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what in the world do i do with soybeans?

 
pollinator
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I'm not sure if I'm asking this question in the right spot or not im still pretty new to the site, but i was wondering about soybeans. My girlfriend made me buy a pack of soybeans because the looked "pretty," and they have done really well this year. We are getting read to pick some and i have no idea how to use them in a meal or preserve them. I know they can be dried for latter use but read that they have more health benefits if prepared or stored green? I know they are a multi-use plant but what all can i do with the beans and how do i store them?
 
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I'm trying to remember a conversation I had- isn't there an issue with the soybeans needing to be mature to be safe to eat ! Big AL !
 
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From Wild Fermentation:

Fermentation not only preserves nutrients, it breaks them down into more easily digestible forms. Soybeans are a good example. This extraordinarily protein-rich food is largely indigestible without fermentation. Fermentation breaks down the soybeans’ complex protein into readily digestible amino acids, giving us traditional Asian foods such as miso, tempeh, and tamari (soy sauce), which have become staples in contemporary Western vegetarian cuisine.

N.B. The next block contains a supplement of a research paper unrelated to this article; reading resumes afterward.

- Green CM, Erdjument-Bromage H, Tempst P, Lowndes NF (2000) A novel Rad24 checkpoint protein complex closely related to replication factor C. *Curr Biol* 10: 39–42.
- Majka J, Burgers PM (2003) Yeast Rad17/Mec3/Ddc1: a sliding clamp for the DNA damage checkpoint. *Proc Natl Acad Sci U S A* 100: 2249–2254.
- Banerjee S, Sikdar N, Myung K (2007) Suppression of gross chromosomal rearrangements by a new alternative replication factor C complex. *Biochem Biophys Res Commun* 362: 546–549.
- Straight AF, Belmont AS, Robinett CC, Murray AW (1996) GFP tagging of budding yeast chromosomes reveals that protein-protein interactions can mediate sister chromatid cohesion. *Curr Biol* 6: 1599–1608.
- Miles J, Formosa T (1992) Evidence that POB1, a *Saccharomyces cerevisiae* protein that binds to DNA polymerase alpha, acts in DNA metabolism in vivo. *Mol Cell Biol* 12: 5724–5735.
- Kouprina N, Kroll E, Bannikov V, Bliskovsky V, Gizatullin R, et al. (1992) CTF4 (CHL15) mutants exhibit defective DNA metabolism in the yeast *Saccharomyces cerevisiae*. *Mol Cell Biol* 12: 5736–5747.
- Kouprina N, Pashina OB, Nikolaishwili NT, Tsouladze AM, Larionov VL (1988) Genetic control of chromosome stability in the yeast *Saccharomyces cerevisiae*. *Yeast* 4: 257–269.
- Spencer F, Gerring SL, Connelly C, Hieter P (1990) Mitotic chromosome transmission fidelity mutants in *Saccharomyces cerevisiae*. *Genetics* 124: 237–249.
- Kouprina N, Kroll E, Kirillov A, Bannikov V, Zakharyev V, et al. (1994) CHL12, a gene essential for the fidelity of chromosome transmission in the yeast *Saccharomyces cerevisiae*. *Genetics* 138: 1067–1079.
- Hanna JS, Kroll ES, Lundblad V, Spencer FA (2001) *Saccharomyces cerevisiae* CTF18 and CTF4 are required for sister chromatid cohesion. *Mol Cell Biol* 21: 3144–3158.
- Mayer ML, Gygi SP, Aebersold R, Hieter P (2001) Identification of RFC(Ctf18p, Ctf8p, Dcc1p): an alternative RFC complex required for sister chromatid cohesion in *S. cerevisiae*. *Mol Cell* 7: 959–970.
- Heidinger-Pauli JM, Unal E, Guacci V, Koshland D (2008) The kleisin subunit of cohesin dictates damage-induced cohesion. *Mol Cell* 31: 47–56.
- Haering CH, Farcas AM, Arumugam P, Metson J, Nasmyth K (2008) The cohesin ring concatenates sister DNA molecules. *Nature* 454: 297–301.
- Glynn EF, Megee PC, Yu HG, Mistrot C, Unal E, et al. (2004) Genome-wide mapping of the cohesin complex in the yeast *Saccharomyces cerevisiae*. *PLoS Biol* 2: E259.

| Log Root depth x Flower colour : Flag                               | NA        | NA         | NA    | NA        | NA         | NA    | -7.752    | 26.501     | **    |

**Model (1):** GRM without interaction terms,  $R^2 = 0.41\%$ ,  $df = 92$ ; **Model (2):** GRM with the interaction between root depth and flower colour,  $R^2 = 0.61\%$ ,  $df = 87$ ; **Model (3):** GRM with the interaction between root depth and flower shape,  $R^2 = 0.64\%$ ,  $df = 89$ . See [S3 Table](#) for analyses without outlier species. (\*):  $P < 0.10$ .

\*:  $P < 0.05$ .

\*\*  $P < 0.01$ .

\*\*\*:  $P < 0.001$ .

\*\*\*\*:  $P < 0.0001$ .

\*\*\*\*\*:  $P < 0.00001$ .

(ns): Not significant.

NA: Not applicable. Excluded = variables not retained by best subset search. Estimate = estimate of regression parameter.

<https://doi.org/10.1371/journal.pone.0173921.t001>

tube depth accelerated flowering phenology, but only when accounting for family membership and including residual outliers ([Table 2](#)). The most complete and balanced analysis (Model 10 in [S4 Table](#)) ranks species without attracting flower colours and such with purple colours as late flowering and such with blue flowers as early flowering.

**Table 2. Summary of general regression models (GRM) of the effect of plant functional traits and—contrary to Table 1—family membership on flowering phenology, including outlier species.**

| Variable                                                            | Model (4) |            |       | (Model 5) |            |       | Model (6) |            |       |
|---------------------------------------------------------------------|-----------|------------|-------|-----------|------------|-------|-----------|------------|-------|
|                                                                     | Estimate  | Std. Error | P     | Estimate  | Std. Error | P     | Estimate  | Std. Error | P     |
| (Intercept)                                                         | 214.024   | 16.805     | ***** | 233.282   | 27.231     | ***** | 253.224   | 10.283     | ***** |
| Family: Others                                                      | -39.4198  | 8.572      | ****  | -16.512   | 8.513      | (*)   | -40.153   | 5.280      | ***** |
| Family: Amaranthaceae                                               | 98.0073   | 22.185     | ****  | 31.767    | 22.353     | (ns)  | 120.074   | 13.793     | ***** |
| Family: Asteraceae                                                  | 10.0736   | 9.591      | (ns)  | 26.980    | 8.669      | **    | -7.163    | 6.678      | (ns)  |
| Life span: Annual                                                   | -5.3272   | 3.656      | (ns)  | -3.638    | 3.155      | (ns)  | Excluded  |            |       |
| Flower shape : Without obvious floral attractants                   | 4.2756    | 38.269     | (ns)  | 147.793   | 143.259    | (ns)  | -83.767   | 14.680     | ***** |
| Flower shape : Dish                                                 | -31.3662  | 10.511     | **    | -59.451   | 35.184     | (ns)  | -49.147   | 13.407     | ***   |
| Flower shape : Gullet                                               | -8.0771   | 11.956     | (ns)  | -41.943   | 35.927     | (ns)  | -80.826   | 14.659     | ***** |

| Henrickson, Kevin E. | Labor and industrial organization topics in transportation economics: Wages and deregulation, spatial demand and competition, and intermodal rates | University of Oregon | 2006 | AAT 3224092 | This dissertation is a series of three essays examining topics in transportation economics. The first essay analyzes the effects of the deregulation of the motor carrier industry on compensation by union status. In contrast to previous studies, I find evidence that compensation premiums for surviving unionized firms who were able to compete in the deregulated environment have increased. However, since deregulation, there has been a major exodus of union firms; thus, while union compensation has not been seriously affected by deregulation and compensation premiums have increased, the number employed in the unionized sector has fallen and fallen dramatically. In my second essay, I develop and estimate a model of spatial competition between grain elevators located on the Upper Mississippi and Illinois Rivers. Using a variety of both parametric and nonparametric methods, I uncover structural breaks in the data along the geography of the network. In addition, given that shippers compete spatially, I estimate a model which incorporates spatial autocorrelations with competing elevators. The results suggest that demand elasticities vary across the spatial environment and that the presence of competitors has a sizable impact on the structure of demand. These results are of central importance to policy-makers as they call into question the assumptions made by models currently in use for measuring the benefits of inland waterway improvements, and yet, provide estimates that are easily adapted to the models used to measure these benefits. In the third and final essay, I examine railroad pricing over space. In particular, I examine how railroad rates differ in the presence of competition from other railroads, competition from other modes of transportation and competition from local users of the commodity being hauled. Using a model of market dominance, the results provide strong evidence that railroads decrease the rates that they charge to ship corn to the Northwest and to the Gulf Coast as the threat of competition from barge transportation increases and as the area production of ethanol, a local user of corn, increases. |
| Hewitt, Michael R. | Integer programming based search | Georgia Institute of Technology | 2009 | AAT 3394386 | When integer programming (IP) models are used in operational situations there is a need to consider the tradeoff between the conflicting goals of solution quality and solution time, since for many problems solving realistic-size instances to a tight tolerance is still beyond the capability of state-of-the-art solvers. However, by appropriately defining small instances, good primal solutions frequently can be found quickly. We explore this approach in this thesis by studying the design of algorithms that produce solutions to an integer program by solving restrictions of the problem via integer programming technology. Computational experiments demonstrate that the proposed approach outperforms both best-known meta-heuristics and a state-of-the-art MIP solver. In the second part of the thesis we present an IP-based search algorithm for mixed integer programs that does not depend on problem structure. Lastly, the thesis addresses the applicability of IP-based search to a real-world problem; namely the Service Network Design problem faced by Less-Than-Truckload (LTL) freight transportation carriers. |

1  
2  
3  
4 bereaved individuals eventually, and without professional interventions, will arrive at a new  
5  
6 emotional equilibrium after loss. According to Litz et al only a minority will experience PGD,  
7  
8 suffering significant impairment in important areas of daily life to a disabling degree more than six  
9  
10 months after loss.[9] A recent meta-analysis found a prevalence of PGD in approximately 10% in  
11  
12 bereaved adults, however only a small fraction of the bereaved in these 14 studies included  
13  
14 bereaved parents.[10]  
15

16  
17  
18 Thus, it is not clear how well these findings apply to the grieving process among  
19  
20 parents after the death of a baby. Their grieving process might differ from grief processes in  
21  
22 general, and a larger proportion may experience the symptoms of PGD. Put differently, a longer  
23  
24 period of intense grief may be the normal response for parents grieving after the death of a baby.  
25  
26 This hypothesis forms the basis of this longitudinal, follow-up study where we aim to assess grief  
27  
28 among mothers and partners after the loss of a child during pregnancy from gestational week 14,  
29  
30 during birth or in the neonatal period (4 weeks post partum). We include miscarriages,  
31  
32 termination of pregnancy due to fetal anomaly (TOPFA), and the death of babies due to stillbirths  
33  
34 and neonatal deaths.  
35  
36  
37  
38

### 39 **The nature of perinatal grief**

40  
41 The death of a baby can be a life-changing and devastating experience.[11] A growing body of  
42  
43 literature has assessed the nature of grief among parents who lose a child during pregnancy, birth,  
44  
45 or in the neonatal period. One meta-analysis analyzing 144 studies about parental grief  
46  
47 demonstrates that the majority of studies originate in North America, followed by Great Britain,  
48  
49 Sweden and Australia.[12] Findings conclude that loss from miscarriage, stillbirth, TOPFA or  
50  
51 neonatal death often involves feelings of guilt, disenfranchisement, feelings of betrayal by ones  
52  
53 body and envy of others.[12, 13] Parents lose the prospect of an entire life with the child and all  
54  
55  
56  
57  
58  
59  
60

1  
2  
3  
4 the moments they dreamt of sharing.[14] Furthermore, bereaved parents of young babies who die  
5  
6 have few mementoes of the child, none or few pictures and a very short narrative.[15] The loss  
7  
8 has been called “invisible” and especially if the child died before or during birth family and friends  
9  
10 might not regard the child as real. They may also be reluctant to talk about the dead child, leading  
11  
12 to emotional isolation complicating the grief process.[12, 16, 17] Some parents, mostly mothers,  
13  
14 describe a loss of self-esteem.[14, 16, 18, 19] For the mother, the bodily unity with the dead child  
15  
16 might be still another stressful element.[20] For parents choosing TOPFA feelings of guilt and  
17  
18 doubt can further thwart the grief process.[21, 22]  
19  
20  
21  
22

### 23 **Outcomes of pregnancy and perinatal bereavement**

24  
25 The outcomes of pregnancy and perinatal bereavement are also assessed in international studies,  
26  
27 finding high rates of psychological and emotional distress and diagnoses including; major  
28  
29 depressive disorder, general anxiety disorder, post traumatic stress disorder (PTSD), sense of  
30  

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Soybeans are eaten green....especially large-seeded varieties are grown for this purpose called edamame. The whole pods are sometimes cooked and then shelled out at the table. I think cooked edamame could be frozen or canned or whatever just as one would green peas.
Otherwise let the pods and plants dry out, beat the beans out, winnow off the chaff and store dry like any other dry bean or grain.
Fermentation is excellent for soybeans, as mentioned above. Tempeh requires only about 45 minutes total boiling time when one adds the steps together, whereas directly boiling dry soybeans to get them tender enough to eat would take much longer.
 
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The edamame varieties are eaten green - just blanch the pods in boiling water with salt.

Dried beans - make miso!
 
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yukkuri kame wrote:
Dried beans - make miso!



I'll second that. natto is much less likely to be widely appreciated.
 
brandon gross
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thanks for all the replies. I blanched,shelled, and froze what was ready. I have to go away for a trip and read that the beans go from ripe to tooo ripe really fast. I was scared to leave what was ready on the plant. Can wait to get back home and eat them. I still have plenty more plants that the beans where not ready on so I'm looking forward to trying these suggestions. Thanks again.
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